We agree that when the government materially breaches its plea bargain, it is often appropriate to remand to enable the sentencing court to exercise its discretion as to the best choice of remedy under the circumstances. See, e.g., United States v. Bowler, 585 F.2d 851, 856 (7th Cir. 1978). *fn2 In this case, however, such a remand is not necessary; for we conclude, much as other appellate courts have concluded in like circumstances, *fn3 that specific performance of the plea bargain should not be ordered over Roye's objection.
We come to that conclusion because we discern two reasons why a resentencing at which the government recommends probation cannot now provide the material equivalent of what Roye was promised. First, the value of the plea bargain for Roye has changed. Roye negotiated for a government recommendation that his imprisonment cease after eleven months. Having now spent an additional thirty-nine months in prison -for a total of over four years charged against his three to nine year sentence - Roye has less to gain than he had hoped when he bargained for a government recommendation that his imprisonment be limited to time served and that he be placed on probation. Second, even if we remand to a different sentencing judge, that judge will inevitably learn (if from no other source than this opinion) that the government initially allocuted against Roye's release. Since by now Roye arguably has served the extra time in prison that the government sought in its first allocution, that allocution may not be in total conflict with what the government would be obliged to recommend at a new sentencing. But Roye negotiated for a "clean" government recommendation of an execution-suspended sentence, not a recommendation qualified by a disclosure that the government had - and may still have - misgivings about his release and "really" sought - and may still seek - something else. Cf. Taylor, 77 F.3d at 372 (granting request to withdraw plea where government's "breaching statements would still be part of the record available to the [new] judge on remand"). *fn4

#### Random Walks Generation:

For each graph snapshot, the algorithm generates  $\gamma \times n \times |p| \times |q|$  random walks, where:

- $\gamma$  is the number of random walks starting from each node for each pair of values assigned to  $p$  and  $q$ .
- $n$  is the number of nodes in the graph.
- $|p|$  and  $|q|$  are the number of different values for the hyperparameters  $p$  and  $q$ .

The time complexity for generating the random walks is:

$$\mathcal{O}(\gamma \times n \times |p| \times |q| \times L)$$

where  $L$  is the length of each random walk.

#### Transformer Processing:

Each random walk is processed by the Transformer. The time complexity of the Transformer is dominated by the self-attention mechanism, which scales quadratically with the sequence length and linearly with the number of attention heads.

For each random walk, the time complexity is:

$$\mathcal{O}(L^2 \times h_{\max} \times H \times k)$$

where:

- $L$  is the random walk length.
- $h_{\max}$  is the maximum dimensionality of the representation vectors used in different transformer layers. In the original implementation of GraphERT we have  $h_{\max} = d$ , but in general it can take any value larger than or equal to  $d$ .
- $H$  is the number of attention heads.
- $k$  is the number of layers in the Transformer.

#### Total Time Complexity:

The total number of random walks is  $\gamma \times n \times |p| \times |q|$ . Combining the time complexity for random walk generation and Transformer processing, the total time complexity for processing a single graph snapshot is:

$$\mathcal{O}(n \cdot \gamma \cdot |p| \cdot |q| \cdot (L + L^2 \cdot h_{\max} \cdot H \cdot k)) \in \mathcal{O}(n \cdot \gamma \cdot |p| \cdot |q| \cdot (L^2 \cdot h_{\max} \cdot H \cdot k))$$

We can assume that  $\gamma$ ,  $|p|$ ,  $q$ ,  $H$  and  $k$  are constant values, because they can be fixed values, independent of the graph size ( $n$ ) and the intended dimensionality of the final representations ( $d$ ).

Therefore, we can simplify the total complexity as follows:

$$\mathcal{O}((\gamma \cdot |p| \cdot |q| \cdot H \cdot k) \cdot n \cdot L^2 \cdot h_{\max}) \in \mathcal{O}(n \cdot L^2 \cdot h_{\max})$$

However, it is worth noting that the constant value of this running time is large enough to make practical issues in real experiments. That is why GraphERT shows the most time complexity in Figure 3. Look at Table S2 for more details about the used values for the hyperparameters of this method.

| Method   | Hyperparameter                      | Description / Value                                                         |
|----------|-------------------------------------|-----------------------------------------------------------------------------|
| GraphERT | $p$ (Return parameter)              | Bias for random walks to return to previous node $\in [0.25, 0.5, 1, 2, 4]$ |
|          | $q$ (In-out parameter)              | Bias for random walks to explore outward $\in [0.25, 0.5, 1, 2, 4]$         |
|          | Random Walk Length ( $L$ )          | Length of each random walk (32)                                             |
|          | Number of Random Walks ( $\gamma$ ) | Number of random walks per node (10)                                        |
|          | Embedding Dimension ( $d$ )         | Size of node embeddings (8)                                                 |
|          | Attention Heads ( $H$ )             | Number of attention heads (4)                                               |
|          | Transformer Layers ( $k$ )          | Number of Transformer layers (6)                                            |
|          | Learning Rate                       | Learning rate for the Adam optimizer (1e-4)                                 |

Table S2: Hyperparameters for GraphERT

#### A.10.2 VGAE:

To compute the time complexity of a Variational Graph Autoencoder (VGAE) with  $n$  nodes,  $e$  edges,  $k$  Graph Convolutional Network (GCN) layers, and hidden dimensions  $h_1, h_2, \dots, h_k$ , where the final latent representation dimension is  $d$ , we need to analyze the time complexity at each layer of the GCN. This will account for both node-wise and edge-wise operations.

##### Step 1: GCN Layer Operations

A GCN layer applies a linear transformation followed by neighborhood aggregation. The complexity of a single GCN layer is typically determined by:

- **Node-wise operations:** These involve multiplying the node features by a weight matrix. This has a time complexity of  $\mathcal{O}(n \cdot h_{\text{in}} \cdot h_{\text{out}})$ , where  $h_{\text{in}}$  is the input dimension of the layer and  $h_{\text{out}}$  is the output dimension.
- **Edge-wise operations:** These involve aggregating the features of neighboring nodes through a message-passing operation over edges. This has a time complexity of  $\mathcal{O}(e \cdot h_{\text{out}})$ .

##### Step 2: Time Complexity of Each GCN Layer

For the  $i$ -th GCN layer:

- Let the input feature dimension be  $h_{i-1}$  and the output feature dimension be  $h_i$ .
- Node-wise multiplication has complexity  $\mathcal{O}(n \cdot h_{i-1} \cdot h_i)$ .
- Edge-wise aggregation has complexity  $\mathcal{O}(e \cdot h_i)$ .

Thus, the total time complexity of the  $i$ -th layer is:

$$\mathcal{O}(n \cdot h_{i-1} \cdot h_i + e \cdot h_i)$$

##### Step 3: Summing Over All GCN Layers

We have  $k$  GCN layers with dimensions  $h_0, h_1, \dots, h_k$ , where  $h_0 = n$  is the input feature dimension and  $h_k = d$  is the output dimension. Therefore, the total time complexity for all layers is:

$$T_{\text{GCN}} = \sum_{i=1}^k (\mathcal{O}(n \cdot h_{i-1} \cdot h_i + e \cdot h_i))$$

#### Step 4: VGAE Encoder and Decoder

Although "the court, not the defendant, chooses the remedy," Kurkculer, 918 F.2d at 299, the defendant's preference is accorded "considerable, if not controlling, weight inasmuch as the fundamental rights flouted by a prosecutor's breach of a plea bargain are those of the defendant, not of the State." Santobello, 404 U.S. at 267 (Douglas, J., concurring). Upon reflection, Roye may well have second thoughts about the wisdom of withdrawing his guilty plea after having already served over four years of his current sentence. The more serious charges against him may be reinstated, and if he is convicted he could receive a longer prison term. In other cases that have come before this court on account of comparable plea agreement violations by the government, the defendants have been satisfied to seek resentencing rather than withdrawal of their pleas, presumably because imperfect specific performance of their agreements was better than the alternative. See In re C. S. McP., 514 A.2d 446, 451-52 (D.C. 1986); White, supra. Nonetheless, due process of law demands that "when a plea rests in any significant degree on a promise or agreement of the prosecutor, so that it can be said to be part of the inducement or consideration, such promise must be fulfilled." Santobello, 404 U.S. at 262. If the promise cannot be fulfilled, and the deviation is material, the waiver of constitutional rights that a guilty plea represents is invalidated and cannot be enforced. Roye is entitled to withdraw his plea if that is what he wishes to do.
We vacate Roye's conviction and sentence and remand to permit Roye to plead anew. *fn5